Asia’s Anti-Colonialist Journey

Thomas Meaney in The New Yorker:

International conferences are notoriously difficult to organize, all the more so when the aim is global revolution and the world’s empires oppose your agenda. When, starting in 1919, Vladimir Lenin convened the first congresses of the Communist International, some Bolsheviks were disappointed by the characters who turned up—old-fashioned socialists, trade unionists, and anarchists, coming with false papers, in disguise, under aliases, and all apparently expecting hotel rooms. The Russian revolutionary Victor Serge observed, “It was obvious at first glance that here were no insurgent souls.” Lenin kept a blinking electric light on his desk to cut meetings short. But one of the arrivals made an impression. “Very tall, very handsome, very dark, with very wavy hair,” Serge recalled. It was Manabendra Nath Roy, an Indian who was a founder of the Mexican Communist Party. When ducking imperial authorities, he used a method described by a comrade: “If you want to hide revolutionary connections . . . you had better travel first class.”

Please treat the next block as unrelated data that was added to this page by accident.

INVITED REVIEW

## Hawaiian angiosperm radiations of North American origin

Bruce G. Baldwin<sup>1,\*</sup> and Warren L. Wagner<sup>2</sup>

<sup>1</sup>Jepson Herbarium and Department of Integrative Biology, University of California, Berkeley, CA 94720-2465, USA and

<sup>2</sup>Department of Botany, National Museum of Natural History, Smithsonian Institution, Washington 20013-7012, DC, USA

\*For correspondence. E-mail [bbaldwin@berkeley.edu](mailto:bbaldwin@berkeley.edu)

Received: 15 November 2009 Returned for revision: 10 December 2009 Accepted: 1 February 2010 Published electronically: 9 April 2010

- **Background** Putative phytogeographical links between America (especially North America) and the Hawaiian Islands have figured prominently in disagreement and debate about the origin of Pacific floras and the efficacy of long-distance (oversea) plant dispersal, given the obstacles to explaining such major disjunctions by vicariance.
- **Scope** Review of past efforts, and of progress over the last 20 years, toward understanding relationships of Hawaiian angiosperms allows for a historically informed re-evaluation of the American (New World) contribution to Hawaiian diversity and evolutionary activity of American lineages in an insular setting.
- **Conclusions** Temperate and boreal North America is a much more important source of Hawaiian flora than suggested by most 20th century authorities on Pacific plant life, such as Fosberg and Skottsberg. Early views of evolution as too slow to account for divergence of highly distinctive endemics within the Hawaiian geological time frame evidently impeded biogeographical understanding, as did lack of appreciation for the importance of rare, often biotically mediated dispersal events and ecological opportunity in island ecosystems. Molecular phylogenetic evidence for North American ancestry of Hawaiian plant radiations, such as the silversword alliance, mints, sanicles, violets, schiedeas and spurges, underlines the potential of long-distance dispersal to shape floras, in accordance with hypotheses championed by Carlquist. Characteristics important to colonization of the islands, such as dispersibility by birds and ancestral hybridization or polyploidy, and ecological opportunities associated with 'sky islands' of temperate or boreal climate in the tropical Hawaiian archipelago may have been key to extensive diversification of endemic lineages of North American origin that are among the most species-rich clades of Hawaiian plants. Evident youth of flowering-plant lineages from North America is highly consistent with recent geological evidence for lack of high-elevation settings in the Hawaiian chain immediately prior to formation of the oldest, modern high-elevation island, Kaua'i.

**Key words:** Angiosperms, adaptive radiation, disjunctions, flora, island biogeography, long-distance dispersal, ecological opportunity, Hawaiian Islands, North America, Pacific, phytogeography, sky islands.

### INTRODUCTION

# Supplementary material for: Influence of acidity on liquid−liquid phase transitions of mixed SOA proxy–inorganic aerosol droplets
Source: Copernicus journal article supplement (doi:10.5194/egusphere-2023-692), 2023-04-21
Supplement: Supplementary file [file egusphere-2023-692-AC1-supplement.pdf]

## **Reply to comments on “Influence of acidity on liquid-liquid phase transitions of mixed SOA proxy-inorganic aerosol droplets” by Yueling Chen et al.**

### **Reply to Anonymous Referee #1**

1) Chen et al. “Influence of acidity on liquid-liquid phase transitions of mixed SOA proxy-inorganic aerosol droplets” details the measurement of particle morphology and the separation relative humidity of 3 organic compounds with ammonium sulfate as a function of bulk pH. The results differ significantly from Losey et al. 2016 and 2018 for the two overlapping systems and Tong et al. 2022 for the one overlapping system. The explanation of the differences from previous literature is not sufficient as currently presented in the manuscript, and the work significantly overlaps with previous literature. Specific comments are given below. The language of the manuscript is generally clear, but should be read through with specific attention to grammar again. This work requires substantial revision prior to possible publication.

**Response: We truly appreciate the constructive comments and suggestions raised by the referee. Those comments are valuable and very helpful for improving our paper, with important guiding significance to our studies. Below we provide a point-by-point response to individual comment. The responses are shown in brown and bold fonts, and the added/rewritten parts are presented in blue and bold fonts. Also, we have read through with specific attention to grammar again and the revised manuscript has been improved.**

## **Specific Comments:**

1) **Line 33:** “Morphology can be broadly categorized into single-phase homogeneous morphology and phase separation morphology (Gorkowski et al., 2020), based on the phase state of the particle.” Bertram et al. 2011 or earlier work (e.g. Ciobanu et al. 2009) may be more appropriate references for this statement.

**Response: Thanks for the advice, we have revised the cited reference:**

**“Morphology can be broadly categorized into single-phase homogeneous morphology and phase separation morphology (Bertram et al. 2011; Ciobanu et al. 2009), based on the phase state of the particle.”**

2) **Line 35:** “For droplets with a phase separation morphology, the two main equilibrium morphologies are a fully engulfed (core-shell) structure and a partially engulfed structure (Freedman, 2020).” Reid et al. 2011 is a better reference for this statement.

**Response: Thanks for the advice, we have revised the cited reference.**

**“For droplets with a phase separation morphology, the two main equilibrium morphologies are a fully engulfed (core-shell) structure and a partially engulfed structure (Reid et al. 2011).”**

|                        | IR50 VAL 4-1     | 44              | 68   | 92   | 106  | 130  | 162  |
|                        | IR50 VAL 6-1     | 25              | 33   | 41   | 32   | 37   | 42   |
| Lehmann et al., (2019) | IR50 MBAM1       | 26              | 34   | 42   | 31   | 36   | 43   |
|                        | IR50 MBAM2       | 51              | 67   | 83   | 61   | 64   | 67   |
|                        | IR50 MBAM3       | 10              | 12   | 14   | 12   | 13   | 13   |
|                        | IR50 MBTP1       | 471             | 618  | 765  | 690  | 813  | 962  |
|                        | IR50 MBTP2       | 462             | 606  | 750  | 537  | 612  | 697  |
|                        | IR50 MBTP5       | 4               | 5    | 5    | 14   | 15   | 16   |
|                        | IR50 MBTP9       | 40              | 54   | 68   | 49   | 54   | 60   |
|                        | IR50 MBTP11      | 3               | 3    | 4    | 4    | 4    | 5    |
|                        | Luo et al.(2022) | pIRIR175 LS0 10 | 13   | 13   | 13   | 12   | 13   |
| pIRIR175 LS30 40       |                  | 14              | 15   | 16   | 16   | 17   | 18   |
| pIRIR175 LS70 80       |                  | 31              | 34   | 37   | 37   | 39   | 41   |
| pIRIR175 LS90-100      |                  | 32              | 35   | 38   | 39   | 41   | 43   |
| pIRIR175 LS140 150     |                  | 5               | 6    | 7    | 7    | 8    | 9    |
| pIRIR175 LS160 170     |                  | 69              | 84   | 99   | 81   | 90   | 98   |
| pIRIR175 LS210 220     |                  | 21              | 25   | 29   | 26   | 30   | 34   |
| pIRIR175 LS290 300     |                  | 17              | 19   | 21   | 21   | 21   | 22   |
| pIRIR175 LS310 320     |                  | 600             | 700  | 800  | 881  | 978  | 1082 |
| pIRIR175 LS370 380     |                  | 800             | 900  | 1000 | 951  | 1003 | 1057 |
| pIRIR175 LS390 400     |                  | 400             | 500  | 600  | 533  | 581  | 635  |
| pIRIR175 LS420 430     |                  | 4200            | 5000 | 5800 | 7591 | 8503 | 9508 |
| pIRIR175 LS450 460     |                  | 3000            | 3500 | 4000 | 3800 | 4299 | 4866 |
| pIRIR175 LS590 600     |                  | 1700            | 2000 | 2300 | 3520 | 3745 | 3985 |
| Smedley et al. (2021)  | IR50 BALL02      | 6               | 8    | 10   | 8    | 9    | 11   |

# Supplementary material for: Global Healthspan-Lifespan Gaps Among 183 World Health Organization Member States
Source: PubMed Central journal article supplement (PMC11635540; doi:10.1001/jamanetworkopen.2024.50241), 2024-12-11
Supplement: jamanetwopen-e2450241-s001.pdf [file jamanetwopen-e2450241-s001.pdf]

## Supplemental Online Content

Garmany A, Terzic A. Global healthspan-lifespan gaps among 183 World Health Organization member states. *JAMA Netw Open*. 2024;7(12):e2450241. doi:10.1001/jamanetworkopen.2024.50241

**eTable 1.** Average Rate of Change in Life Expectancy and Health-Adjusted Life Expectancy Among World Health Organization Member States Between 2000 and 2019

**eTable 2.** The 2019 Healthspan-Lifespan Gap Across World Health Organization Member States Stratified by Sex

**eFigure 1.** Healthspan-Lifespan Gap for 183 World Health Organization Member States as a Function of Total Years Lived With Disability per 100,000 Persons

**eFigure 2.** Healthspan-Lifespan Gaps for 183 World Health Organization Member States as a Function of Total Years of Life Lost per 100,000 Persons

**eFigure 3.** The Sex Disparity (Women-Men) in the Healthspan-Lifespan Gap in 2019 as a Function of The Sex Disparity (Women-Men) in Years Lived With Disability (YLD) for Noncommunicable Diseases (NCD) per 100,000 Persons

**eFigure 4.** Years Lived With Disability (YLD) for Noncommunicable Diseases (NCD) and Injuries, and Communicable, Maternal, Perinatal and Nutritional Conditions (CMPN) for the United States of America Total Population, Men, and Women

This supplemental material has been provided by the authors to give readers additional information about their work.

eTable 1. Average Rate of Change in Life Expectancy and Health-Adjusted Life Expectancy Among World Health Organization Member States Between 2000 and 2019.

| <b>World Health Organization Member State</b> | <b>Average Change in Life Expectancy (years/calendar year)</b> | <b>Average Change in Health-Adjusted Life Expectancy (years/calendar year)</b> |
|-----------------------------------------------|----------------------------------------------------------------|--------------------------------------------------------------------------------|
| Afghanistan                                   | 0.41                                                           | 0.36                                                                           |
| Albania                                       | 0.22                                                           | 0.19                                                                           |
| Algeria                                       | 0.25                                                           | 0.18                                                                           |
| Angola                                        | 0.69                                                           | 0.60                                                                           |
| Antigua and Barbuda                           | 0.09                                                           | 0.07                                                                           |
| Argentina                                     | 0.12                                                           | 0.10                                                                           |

Roy had cut an unusual path to Moscow. Born into a Brahmin family in West Bengal in 1887, he left India in his twenties on a series of missions to secure funds and weapons for an uprising against the British Raj. During the First World War, a group of Indian anti-imperialists wanted the Germans to open a second front against their common enemy. But Roy’s parleys with contacts in Java, China, and Japan yielded almost nothing. In Tokyo, he resolved to press onward to the United States: “I decided to take the bull by the horn, pinned a golden cross to the lapel of my coat, put on a very sombre face, and called at the American consulate.” Disguised as “Father Martin” and having, he said, “reinforced my armour with a morocco-bound copy of the Holy Bible beautifully printed on rice-paper,” Roy arrived in San Francisco in 1916.

More here.